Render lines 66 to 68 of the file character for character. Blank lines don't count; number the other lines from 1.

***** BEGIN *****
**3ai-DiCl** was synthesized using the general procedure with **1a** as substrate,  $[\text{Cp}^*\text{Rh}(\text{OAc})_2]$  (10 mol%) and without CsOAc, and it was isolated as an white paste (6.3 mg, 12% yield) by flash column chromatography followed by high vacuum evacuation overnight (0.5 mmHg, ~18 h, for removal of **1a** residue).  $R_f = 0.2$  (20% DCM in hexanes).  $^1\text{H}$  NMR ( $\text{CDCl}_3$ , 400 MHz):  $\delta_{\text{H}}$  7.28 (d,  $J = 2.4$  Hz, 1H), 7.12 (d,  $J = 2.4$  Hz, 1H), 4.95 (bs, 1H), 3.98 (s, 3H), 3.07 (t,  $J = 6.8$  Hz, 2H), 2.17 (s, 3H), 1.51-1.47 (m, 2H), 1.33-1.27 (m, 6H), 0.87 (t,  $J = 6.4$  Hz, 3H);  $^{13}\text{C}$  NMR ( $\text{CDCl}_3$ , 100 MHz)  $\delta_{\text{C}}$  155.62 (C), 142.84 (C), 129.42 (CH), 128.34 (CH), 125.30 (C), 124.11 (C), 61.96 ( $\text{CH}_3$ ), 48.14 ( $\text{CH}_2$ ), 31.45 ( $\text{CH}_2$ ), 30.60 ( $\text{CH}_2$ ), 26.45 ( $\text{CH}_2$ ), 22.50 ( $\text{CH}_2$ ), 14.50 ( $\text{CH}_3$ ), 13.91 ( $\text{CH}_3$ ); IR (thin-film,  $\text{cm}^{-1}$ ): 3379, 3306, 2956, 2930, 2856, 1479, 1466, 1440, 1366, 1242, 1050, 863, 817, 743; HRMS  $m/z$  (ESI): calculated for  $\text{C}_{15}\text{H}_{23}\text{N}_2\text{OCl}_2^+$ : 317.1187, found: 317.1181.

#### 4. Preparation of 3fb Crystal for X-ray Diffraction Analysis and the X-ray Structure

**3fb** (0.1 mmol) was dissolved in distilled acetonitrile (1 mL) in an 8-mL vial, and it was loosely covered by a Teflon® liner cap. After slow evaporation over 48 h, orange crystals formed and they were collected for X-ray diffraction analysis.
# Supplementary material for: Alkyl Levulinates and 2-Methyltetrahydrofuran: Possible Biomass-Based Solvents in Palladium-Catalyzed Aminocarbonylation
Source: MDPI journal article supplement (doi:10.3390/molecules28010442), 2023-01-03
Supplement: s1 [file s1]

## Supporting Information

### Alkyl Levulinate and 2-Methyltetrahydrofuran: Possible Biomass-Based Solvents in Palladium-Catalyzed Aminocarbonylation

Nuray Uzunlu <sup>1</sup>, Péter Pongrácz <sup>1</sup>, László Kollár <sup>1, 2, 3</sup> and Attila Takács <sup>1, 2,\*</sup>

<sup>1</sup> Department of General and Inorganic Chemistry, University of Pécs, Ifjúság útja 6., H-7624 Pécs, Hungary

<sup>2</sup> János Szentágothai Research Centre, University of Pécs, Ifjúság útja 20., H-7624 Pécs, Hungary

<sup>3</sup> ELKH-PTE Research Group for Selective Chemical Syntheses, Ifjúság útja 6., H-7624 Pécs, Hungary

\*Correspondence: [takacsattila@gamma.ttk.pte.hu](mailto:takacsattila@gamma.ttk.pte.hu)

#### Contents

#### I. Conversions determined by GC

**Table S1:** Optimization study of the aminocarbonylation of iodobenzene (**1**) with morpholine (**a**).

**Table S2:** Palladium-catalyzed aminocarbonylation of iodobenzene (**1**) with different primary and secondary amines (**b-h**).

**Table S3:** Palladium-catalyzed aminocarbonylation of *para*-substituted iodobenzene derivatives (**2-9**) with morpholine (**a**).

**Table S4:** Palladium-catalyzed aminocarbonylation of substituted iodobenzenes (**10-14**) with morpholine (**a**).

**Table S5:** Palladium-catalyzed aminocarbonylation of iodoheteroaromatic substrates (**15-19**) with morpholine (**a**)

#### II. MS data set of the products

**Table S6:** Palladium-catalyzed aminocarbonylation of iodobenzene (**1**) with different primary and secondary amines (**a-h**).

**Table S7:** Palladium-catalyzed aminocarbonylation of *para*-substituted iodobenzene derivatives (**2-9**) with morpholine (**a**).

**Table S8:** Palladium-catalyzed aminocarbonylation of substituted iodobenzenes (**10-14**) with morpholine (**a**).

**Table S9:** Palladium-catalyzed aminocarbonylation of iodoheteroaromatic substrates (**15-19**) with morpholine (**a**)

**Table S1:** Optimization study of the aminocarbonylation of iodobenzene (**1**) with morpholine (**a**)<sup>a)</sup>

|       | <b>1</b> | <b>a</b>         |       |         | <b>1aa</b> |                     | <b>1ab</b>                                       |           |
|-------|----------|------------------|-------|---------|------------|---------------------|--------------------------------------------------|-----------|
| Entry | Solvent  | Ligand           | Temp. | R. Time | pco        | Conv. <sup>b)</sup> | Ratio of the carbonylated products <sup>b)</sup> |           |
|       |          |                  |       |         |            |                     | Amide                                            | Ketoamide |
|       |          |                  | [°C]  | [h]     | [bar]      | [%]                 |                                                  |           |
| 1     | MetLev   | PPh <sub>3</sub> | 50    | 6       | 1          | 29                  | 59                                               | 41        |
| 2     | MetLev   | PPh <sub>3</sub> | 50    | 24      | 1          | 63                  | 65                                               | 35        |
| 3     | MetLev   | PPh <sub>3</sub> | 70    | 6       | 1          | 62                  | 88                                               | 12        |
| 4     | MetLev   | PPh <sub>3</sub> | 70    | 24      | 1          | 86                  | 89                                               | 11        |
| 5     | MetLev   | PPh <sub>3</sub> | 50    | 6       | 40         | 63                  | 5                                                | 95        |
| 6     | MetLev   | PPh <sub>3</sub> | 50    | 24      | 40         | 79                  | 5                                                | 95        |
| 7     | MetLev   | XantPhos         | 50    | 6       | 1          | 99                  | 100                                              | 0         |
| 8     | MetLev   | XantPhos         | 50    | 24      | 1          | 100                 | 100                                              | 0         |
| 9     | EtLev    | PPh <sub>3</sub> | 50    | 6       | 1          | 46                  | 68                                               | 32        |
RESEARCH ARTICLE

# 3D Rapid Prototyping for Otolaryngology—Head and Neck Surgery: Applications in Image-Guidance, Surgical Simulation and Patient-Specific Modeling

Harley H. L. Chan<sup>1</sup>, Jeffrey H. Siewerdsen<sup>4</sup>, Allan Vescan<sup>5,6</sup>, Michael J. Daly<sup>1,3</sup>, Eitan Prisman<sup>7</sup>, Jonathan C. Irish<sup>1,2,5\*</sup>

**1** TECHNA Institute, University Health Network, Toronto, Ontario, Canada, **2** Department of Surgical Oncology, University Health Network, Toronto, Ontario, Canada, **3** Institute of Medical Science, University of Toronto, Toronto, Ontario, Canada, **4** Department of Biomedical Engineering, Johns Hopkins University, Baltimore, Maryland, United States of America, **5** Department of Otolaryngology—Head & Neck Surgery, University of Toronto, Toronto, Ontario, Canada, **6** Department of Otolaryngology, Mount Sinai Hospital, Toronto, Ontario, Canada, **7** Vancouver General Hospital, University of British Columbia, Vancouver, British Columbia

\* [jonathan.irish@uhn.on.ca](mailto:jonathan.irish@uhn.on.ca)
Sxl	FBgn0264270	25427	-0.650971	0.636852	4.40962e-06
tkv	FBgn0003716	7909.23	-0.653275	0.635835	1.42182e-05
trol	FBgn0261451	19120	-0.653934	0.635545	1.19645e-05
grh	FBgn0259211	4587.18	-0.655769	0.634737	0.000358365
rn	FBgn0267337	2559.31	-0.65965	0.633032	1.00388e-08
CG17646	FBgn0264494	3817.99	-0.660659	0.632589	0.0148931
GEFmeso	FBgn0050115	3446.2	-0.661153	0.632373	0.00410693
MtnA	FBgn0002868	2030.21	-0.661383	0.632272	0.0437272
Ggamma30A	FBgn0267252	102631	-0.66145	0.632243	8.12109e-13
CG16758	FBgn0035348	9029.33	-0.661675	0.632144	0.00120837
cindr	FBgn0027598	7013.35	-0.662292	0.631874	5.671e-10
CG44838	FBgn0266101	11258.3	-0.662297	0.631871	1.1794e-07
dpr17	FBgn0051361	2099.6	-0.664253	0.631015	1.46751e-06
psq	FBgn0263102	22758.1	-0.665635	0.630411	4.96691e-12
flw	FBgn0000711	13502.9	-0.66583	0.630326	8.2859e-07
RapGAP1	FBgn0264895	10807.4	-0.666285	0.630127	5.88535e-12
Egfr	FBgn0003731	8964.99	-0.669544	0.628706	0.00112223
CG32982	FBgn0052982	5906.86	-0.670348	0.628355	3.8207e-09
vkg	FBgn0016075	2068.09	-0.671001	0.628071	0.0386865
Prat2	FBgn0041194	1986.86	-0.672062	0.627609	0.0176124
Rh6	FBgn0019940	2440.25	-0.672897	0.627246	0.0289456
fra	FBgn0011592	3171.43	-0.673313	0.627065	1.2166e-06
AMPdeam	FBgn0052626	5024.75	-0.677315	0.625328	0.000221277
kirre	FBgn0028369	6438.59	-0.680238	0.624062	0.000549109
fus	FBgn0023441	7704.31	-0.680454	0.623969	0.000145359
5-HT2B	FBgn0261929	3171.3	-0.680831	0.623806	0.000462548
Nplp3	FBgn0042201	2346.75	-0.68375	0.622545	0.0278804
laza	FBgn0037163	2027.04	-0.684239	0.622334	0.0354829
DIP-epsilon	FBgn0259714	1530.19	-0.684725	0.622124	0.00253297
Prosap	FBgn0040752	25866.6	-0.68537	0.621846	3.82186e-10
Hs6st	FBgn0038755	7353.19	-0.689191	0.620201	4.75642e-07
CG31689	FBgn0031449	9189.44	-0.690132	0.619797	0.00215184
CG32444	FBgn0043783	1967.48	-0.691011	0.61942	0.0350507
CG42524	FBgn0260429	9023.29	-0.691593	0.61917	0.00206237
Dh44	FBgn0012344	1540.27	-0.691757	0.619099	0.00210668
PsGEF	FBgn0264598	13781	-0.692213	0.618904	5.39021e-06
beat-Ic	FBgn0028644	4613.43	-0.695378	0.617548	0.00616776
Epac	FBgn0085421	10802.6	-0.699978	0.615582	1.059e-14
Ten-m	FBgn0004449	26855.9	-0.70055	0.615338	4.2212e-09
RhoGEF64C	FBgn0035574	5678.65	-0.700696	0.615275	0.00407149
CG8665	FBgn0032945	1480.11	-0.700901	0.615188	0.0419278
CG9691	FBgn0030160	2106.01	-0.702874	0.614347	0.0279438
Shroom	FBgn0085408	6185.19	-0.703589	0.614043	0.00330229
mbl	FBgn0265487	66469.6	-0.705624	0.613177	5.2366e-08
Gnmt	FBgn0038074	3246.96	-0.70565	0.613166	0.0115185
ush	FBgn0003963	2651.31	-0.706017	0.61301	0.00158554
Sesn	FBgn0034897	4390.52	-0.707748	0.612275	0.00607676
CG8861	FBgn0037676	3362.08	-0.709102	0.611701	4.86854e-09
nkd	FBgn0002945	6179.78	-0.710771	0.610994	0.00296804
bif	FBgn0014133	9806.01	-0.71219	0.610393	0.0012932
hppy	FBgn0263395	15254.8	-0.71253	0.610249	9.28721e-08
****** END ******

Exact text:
Rh6	FBgn0019940	2440.25	-0.672897	0.627246	0.0289456
fra	FBgn0011592	3171.43	-0.673313	0.627065	1.2166e-06
AMPdeam	FBgn0052626	5024.75	-0.677315	0.625328	0.000221277